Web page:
Anna is an escape member who recently returned from taking a 7 month sabbatical to cycle through all 50 states of the USA. She used the journey as a platform to inspire kids to get active, and get exploring. You can read the post she wrote at the start of her journey here.
I remember the exact moment it happened – the escape, that is. I was standing in my London living room musing over an extract from a book called Vagabonding.
Something about the passage I was reading struck a chord. Years of feeling suffocated by feelings of wanderlust clawed to the surface. And a thought popped into my head: “How about I just… go?”
12 months later, I was on a plane headed to the start of my first big adventure. Though the trip was fraught with challenges, by far the most difficult part was that single moment of realisation – that leaving a day to day routine was even a possibility.
So, in the hope that it helps you to do the same, here’s the process that got me to the start line.
List your excuses
Write down every possible reason not to go. Get wild. Go over the top – mortgage, job, relationships, money, fitness, health, family. Leave no stone unturned, it’ll only rear its ugly head somewhere down the line.
Then ask yourself one simple question. ‘Are any of these things, individually, a good enough reason not to leave?’
My biggest excuses were: my job, a lack of funds, and telling my parents. The latter was by far the greatest barrier in the end – largely because it was so wedded to emotion. I felt like I was saying “Thanks for all the struggle, the education, university n’all, but I’d actually quite like to just go and ride my bike around a bit.”
List your fears
At a glance these seem the same as the excuses, but they’re a lot more difficult to find. They’re probably nestled somewhere in the recesses if your mind, or lounging at the pit of your stomach.
You might even need a little quiet time to find them. Mine included things like: being hit by a truck, getting attacked by a bear and feeling lonely. Next to each fear, I wrote a rational response.
The ‘rational’ column next to many was left wanting as I departed, but I resolved that that was okay too. Because, either way, somehow fears seem smaller and more manageable when they’re down in black and white.
Time and time again we’re told how ‘tough’ the job market is, and it roots us to the spot. I planned to quit my job. I didn’t know what I’d do when I came home, but the compulsion to go was so great that it mattered more to me than any structured career progression.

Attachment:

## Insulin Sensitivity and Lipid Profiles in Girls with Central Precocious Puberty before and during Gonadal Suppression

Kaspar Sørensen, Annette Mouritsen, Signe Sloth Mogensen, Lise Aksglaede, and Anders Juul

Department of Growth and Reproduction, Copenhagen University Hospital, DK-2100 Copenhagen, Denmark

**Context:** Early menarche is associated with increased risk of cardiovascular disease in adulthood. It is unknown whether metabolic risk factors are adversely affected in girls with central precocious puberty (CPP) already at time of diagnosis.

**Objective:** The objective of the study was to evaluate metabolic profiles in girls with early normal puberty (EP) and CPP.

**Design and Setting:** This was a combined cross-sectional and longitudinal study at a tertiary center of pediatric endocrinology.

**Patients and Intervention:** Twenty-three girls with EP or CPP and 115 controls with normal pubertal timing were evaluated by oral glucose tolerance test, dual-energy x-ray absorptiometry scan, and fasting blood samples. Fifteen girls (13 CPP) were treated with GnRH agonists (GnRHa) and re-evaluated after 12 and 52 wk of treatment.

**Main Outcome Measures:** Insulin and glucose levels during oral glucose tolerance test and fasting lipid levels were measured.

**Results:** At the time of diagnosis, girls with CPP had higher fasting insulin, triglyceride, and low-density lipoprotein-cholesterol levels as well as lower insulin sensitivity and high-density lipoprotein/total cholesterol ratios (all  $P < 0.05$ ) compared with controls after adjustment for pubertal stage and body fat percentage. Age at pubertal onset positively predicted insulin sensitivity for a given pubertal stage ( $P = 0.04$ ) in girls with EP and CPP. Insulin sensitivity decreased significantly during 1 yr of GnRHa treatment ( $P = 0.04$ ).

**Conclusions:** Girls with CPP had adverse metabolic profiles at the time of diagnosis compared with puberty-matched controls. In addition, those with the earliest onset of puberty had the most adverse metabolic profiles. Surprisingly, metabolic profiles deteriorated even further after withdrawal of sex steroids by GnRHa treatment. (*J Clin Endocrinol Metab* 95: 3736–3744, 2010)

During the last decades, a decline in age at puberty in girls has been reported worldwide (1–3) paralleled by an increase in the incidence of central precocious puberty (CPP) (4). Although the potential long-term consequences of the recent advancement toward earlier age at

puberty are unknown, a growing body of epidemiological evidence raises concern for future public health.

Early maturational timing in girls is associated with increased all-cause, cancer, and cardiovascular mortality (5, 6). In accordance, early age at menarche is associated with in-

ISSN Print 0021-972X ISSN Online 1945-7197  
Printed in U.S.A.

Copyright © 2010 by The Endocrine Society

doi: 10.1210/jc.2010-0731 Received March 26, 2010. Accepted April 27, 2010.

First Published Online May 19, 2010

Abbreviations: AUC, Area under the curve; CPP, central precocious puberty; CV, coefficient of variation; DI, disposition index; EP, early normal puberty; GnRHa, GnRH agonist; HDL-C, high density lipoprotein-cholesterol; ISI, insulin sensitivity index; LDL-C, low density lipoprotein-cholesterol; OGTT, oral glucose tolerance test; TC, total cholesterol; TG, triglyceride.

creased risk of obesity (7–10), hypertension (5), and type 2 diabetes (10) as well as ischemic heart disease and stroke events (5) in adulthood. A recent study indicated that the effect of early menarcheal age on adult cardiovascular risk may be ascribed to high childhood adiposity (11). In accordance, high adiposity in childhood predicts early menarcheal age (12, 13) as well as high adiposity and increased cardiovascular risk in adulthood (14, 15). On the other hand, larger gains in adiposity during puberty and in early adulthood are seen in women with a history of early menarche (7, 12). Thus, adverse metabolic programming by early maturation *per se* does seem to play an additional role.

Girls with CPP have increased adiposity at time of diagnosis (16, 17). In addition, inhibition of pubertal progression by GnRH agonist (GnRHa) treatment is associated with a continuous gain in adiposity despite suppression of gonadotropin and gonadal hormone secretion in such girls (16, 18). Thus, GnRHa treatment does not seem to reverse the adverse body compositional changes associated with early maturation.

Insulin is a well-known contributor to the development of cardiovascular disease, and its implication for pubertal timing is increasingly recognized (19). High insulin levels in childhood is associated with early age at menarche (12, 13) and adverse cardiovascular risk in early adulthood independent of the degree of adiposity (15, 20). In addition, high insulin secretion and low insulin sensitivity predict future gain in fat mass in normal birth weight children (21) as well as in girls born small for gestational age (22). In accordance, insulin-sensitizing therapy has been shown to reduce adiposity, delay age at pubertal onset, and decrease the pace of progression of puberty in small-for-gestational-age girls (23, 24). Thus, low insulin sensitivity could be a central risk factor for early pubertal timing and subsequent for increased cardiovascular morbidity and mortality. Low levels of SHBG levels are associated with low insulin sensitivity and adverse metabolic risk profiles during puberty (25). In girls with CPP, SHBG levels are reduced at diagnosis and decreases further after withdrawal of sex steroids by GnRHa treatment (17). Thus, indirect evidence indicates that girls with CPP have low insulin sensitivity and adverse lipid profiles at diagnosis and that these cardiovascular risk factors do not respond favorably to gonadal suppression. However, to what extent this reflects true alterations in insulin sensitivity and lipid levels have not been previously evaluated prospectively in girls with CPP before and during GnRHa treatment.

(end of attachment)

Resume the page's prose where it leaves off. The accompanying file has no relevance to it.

Plus, I figured that I was a good worker. I know my strengths (and weaknesses) well. If you’re going to have the balls to follow a passion, have the equivalent balls to know that you’ll always find something to fall back on if needs be.
Exit with grace
I was on one month’s notice at work, so when I told my boss with 7 months still to go, my peers said I was crazy. I felt it important to be honest. I wanted to treat her with the same respect I’d like to be shown, and to not land my team in a whole pile of ugly.
It paid off. To my complete surprise I was offered a sabbatical. Jacking in your job, busting out in a blaze of glory is all very well and good, but the reality can be far less dramatic.
You don’t have to be reckless. Coming home to a pay-check can be a possibility, as can negotiating a period of extended leave.
Trust your gut
I hadn’t a clue where this trip would lead – beyond the physicality of it, I mean. It just felt like the right thing to do.
I’d stay up until 2am working on the website and emailing local communities. I took a weekend job in a bike shop to learn basic bike mechanics and a bit of extra cash.
I didn’t sleep more than 4 hours a night for a good 5 months, but I was ecstatic. More alive, excited and inspired than I’d ever been. That showed me it was the right choice. And passion is still hard work, but it’s never a chore.
Life post escape
People often ask if what I did was life changing, and I reply that it was life affirming. That is, I always knew it was the kind of thing I should spend my precious days doing. And now I know that for sure.
Of course, I’m still nowhere near the finish line, and in honesty I’ve returned to the UK in a greater state of turmoil than before I left. But I’m making baby steps, and at least I’m on my way.
So if you’re reading this before making your first big leap into the unknown, all I can say, in honesty, and with earnest is … just go, and go now.